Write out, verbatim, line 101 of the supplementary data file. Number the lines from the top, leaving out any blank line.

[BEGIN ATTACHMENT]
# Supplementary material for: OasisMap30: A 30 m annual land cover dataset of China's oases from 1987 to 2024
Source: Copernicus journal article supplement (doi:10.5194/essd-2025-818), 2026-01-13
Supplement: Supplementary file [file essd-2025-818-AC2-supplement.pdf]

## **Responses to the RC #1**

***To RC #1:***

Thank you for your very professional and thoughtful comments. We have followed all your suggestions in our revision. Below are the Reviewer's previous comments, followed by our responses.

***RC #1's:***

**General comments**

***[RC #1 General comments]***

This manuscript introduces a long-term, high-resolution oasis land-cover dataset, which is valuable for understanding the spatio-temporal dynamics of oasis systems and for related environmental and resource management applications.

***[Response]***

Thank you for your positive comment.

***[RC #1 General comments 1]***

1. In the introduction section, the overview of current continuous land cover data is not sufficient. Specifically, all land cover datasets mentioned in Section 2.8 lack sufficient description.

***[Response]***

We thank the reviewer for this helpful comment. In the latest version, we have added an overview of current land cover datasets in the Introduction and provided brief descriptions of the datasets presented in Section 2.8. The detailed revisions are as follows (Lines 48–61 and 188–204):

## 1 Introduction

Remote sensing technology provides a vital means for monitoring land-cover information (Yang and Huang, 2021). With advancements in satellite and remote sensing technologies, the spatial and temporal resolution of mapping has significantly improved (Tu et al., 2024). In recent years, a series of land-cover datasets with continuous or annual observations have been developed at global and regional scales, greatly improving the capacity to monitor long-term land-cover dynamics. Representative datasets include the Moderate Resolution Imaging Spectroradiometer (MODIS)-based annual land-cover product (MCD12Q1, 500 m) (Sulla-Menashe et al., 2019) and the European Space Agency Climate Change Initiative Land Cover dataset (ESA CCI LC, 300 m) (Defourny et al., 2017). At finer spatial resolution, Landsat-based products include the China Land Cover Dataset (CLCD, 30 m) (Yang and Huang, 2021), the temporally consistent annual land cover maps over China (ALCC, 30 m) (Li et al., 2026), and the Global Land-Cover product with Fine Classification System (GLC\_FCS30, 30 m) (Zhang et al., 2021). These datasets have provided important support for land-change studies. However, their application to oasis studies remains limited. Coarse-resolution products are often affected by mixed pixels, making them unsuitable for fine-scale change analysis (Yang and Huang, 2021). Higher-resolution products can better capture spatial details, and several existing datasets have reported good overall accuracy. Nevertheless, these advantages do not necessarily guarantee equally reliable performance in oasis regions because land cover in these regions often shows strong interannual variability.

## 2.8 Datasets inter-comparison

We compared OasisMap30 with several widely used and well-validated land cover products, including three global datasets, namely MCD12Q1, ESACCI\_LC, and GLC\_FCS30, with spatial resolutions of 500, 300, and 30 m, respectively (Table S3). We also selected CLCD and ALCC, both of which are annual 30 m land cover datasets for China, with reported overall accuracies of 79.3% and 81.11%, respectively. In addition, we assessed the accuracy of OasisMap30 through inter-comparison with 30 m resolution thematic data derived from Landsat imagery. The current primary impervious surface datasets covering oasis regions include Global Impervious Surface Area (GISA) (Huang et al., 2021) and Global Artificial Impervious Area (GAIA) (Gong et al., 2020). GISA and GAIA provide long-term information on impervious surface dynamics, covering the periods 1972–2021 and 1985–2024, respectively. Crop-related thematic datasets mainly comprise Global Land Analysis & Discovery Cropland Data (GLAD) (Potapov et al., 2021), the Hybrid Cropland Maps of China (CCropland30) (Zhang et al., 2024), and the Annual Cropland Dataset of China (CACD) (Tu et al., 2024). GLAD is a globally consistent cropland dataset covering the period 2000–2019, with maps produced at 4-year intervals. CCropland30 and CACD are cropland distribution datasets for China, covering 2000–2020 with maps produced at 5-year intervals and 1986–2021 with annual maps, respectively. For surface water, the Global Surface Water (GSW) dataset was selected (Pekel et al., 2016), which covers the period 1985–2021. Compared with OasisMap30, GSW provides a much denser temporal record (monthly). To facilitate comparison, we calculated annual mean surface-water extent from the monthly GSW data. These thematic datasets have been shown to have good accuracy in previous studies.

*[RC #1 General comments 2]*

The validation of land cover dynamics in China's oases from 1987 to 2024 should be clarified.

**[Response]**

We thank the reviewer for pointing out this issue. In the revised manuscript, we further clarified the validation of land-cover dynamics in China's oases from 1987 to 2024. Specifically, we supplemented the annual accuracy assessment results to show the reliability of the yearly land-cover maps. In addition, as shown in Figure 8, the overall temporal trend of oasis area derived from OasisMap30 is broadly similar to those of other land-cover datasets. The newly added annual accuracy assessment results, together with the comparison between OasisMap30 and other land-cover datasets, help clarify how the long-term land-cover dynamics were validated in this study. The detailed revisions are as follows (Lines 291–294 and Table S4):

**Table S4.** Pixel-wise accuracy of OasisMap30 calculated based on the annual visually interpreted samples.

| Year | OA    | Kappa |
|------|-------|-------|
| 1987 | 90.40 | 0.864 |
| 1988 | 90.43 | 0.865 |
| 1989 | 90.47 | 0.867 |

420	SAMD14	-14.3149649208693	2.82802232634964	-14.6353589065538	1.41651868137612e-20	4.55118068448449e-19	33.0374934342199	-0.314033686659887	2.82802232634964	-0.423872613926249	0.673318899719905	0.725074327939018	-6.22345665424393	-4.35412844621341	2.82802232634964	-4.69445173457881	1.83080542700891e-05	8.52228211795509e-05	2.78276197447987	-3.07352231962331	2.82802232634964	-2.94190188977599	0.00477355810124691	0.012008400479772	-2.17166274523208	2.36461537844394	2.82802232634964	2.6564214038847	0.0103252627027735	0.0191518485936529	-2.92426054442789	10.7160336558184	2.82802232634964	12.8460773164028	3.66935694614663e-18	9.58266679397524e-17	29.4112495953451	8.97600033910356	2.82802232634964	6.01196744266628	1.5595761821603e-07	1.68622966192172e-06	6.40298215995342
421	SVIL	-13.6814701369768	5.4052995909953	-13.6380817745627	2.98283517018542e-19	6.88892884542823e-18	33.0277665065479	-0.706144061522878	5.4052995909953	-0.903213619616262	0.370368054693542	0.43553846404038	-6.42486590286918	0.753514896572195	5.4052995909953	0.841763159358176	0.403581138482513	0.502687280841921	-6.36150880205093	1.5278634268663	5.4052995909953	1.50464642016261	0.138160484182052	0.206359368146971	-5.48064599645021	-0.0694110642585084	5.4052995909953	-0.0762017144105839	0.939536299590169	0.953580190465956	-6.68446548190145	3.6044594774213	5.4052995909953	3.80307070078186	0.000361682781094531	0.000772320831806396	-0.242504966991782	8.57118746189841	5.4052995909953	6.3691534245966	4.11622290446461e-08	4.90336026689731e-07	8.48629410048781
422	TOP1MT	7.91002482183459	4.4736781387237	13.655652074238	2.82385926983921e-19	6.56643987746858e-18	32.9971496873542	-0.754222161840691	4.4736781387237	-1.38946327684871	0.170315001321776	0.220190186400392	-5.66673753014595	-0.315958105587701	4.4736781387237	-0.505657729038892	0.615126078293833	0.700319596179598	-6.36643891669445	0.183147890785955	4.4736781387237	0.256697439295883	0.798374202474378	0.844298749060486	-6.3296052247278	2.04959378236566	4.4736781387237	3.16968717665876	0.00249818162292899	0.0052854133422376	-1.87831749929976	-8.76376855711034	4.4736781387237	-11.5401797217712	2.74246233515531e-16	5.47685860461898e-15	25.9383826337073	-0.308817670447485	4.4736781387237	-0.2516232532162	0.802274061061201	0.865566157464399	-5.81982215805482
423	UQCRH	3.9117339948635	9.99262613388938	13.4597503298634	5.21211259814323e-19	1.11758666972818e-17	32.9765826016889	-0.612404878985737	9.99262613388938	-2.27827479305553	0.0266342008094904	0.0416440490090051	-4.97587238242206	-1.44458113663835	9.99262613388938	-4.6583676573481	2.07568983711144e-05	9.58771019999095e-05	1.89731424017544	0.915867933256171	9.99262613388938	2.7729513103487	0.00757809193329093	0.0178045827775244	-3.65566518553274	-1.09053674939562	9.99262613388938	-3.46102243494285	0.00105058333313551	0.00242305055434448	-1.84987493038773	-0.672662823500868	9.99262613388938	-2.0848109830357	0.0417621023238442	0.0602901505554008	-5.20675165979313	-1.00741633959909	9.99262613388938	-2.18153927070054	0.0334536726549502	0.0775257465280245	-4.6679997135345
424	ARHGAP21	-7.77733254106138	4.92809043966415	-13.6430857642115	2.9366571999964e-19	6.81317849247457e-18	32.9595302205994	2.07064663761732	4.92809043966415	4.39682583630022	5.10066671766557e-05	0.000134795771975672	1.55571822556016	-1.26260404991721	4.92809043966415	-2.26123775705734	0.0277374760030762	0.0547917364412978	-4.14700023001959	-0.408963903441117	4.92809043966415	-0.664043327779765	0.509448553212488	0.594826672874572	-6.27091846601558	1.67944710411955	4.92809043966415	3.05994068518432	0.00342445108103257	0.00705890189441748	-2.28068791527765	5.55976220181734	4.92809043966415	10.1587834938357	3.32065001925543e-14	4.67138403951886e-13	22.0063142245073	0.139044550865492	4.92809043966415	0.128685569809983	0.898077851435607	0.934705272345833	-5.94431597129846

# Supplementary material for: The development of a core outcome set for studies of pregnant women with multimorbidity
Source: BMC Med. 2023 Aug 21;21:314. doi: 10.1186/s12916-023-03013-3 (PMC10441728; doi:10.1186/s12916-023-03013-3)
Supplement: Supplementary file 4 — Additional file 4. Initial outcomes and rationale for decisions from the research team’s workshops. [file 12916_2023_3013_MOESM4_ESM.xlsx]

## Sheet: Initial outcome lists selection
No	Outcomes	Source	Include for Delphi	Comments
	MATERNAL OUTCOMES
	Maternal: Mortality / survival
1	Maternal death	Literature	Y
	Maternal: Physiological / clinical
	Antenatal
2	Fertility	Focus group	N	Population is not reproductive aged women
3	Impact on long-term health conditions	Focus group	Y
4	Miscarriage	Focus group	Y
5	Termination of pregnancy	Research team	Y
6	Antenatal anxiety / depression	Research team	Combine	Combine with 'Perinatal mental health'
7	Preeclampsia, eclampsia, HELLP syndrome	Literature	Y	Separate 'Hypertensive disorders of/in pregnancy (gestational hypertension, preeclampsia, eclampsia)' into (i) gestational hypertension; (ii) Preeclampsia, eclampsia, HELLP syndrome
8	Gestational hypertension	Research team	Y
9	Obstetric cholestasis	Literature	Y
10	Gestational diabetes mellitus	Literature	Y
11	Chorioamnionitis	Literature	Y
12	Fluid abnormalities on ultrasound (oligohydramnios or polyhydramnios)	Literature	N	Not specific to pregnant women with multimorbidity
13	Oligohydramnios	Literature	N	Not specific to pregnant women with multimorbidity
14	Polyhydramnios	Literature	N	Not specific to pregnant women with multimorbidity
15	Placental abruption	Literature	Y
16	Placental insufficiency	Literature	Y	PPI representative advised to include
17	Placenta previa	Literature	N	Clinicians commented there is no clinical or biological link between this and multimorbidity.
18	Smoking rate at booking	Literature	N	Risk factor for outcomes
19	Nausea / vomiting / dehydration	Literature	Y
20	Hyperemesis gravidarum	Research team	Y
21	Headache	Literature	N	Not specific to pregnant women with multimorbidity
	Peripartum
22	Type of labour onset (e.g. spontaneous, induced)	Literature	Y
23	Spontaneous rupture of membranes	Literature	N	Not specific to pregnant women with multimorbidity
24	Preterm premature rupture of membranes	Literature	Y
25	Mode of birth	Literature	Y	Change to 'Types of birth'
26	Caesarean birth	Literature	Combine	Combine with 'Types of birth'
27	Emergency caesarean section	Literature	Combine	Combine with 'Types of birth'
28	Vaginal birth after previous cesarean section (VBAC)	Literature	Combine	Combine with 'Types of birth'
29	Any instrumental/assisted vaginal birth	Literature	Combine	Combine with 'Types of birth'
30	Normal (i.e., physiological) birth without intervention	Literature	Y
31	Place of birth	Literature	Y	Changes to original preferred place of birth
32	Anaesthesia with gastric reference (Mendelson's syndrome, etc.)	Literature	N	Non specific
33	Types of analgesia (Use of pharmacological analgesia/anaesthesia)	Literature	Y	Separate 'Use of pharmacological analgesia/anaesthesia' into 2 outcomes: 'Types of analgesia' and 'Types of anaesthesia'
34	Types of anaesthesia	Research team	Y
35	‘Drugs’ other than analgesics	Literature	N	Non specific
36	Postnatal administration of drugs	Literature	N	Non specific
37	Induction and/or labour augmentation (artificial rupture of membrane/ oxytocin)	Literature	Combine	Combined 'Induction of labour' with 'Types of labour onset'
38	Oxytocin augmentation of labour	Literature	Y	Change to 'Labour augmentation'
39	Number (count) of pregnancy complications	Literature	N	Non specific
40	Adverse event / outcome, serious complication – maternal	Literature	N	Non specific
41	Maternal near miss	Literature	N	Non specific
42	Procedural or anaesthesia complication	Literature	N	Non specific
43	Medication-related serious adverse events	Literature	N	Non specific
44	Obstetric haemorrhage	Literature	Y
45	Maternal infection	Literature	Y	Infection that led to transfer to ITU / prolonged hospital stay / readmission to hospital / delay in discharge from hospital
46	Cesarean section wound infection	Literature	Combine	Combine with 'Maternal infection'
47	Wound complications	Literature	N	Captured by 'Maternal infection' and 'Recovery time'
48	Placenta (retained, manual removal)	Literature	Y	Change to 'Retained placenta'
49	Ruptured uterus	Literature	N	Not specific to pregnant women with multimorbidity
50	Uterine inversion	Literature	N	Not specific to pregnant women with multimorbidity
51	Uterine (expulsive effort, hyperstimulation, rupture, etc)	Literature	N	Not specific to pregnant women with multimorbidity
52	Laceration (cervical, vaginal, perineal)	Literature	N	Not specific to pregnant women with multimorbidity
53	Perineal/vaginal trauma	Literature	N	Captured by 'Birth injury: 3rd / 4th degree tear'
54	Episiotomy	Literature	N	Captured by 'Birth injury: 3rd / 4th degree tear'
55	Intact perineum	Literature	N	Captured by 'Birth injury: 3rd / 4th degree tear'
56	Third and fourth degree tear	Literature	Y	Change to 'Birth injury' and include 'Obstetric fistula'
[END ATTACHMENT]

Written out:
56	Third and fourth degree tear	Literature	Y	Change to 'Birth injury' and include 'Obstetric fistula'